reader Q&a with sharna jackson
1. Do you have a favourite place to be, when you are writing or trying to think of ideas for a book?
I’m always thinking about plots, people and the places where those stories could happen.
I reckon I come up with some of my best ideas when I’m either in the shower or on a long morning walk. I live near two nice bridges, and when I cross them, I hope the ideas will flow like the river beneath them!
2. Did you get any inspiration from real people, for any of the characters in The Good Turn?
I often use real people – or, memories of how they made me feel – as a starting point for new characters. But then, as I start writing, I really begin to understand who they are, what they want – that’s when they begin changing into the characters you meet in the book. In The Good Turn, I would say Josephine, Margot and Wesley were a mix of friends I had at primary and secondary school.
3. Do you ever experience writer's block? And what would you do to overcome this?
I definitely find it difficult to write sometimes. I might be tired, hungry or a bit scared of what I’m writing. Sometimes I want my writing to be so good, I get nervous about getting the words out of my brain and onto the page. At times like this, I’ll do a quick crossword and come back to it with a cup of tea. Then, I’ll write something that might not be great, and remember that that’s okay – I can always go back and change it. That’s the best bit about writing.
4. I had never heard of Josephine Holloway, until I read your book, and I googled her. How did you come across Josephine?
Also through Google, just like Josephine Williams! I used to be a Girl Guide myself, and I wish I had heard of her in those days. She’s very inspiring to me.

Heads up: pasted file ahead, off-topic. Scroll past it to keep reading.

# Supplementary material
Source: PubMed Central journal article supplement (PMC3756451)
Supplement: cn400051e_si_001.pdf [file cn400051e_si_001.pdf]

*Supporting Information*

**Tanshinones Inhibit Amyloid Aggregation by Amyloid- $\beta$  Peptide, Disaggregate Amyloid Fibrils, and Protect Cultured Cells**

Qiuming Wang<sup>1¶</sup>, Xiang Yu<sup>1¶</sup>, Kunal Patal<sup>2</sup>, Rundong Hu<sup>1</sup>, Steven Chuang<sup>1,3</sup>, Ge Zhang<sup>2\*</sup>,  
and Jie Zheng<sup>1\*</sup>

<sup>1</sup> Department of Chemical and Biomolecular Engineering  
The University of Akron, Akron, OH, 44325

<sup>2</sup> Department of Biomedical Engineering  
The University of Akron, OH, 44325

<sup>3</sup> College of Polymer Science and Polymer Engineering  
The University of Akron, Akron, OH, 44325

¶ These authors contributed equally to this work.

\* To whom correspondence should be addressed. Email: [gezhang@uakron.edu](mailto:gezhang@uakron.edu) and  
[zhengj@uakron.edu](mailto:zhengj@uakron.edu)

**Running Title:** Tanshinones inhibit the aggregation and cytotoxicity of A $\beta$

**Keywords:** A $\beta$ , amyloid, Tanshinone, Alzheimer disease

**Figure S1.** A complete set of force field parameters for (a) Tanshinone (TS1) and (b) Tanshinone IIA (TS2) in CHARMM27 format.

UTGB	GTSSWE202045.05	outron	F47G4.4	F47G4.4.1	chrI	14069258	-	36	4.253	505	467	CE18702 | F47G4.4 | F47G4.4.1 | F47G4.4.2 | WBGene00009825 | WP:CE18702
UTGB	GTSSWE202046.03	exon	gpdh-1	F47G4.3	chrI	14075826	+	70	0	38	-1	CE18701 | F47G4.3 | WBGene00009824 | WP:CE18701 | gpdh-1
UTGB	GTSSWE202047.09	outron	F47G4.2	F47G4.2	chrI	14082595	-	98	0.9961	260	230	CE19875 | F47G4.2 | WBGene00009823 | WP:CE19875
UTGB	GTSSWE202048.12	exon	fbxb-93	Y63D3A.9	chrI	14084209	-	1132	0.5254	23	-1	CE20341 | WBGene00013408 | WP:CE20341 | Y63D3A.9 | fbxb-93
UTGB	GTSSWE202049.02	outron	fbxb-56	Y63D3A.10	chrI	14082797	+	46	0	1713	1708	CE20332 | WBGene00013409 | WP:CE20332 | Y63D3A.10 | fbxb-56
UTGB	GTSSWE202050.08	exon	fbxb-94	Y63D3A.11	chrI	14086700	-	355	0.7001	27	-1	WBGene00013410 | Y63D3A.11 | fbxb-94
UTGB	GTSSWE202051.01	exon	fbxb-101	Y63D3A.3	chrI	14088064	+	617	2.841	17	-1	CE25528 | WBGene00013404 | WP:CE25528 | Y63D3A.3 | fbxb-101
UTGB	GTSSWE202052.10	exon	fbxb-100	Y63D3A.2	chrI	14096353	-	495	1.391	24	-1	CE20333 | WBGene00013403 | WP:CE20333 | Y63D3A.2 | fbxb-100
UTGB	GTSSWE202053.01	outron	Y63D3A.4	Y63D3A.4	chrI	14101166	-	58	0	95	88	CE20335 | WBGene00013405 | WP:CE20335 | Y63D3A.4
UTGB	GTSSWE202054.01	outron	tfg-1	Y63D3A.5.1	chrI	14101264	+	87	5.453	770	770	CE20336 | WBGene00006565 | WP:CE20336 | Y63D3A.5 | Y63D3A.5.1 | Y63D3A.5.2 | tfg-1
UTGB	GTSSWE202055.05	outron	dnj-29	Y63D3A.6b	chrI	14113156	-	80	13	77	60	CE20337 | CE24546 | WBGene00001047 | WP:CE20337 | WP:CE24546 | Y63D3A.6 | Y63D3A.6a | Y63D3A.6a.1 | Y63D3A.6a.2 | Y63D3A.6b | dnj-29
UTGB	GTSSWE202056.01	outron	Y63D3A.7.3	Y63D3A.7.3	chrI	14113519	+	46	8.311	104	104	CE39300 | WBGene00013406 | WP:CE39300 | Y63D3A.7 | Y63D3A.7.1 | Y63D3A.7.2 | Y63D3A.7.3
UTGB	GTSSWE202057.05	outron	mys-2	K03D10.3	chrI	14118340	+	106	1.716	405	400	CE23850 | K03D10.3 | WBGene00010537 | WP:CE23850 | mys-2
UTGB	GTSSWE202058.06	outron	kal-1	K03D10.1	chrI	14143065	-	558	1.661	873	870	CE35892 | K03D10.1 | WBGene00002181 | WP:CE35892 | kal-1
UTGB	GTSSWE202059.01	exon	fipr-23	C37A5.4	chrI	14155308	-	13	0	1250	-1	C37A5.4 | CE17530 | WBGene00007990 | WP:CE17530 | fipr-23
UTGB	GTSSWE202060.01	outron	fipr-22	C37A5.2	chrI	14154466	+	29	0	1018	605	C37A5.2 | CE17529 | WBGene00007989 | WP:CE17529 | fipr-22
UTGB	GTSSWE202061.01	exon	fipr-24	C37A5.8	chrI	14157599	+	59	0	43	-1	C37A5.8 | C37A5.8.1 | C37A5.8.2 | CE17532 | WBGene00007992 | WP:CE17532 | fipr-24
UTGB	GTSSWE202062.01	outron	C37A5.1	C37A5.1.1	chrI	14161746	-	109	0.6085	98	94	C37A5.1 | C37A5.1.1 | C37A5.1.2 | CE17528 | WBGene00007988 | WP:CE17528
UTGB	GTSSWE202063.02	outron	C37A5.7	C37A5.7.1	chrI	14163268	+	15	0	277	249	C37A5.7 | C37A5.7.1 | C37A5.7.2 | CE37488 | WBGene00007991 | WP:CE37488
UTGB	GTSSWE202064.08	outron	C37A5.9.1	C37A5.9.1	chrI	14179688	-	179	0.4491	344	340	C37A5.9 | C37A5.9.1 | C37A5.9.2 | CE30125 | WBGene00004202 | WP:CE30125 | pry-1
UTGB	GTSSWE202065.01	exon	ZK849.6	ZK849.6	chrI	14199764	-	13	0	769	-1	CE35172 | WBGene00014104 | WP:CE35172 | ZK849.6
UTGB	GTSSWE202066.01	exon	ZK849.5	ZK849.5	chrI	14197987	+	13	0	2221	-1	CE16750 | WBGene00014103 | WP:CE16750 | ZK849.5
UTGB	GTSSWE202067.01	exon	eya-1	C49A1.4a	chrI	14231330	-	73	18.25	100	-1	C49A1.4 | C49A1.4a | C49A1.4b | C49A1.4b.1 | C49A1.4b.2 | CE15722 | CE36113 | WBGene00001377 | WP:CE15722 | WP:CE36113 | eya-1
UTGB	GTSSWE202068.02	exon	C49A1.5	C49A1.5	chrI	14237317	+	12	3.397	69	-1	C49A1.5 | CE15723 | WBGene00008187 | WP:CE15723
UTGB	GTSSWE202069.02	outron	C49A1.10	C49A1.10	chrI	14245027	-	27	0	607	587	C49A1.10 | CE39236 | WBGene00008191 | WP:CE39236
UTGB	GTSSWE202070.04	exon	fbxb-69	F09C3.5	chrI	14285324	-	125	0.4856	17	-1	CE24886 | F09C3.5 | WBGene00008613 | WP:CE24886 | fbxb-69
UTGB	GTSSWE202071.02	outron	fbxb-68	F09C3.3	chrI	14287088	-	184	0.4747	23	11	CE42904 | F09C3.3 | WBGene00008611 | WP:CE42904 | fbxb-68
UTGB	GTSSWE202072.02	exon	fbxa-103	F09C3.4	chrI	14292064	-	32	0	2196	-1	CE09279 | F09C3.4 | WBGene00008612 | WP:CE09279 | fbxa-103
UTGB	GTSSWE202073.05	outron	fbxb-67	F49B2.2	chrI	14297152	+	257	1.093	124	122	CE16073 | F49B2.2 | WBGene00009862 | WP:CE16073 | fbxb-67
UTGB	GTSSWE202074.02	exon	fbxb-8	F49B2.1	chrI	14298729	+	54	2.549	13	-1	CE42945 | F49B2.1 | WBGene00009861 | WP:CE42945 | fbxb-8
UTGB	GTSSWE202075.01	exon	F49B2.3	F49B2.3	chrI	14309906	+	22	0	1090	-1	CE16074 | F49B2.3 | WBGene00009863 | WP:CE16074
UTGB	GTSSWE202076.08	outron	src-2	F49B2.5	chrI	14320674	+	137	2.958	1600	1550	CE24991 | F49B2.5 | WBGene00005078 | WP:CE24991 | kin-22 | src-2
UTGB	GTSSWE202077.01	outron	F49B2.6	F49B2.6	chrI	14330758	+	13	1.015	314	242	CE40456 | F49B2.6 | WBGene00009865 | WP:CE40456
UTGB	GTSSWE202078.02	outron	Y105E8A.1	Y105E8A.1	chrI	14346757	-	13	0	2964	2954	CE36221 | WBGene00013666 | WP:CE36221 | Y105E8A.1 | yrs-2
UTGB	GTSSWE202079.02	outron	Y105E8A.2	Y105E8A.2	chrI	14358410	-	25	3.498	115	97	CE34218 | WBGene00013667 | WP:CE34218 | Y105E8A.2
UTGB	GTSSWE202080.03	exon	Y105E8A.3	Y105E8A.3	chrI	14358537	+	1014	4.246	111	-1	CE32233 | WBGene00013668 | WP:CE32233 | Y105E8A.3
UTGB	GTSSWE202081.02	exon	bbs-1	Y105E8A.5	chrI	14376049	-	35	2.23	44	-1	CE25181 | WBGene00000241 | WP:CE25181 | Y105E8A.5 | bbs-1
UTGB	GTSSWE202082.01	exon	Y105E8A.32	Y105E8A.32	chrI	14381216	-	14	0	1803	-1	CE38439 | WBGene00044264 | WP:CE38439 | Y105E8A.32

5. The character Josephine in The Good Turn loves the internet. Was there anything you really liked or was interested in when you were a child?
When I was a child, I loved doing a little bit of everything – which really annoyed my Mum and Dad! One week I was into photography, the next I was a fashion designer. The one thing that always stayed with me was reading. I read anything and everything. One of my favourite books was an old medical encyclopaedia. I loved looking up diseases and thinking about how to cure them. I was very… weird.
6. There were no illustrations in the book (which didn’t make a difference to me). Did you decide straight away that you didn’t want any illustrations?
Ah, there are some small illustrations in the final book – there’s a wonderful map of the street where the characters live, and each chapter has a beautifully-designed badge. But you’re right – apart from that, there aren’t any other illustrations in The Good Turn. I love books with illustrations, but for this one I wanted to focus on the words, and let your mind create the pictures.
7. What is your favourite thing about living on a boat?
My favourite thing about living on a boat is being close to the water, and close to the wildlife. I don’t do this often (because the boat is long and I’m a wimp), but I really like the idea of being able to remove the ropes and sail away. I like that my house moves, and every time it does, it feels really different.
8. What is your favourite book that you have written?
Ava! That is such a hard question! They’re all my babies and I love them all. I really, really loved writing The Good Turn, though. I really love the characters, I think they're all very brave and I hope their actions inspire others.
9. Please tell me there will be another book featuring the characters from The Good Turn. Do you have any ideas in the pipeline?
I don’t know if I can say that yet… but yes! I want Josephine, Wesley and Margot to be the main characters of their own books.
10. If you could meet the characters in your book, what would you say to them?
This is an incredibly good question…hmmm. Okay. I would ask Josephine about her future career plans, and see where she’s up to with that. I know she’ll have a five point plan or something. I’d like to knock on Wesley’s door and just hang out with him and his family – make sure his Mum’s all right. Then I’d love to talk to Margot about her writing, and ask her what she’s working on now, but I’m sure she wouldn’t show me!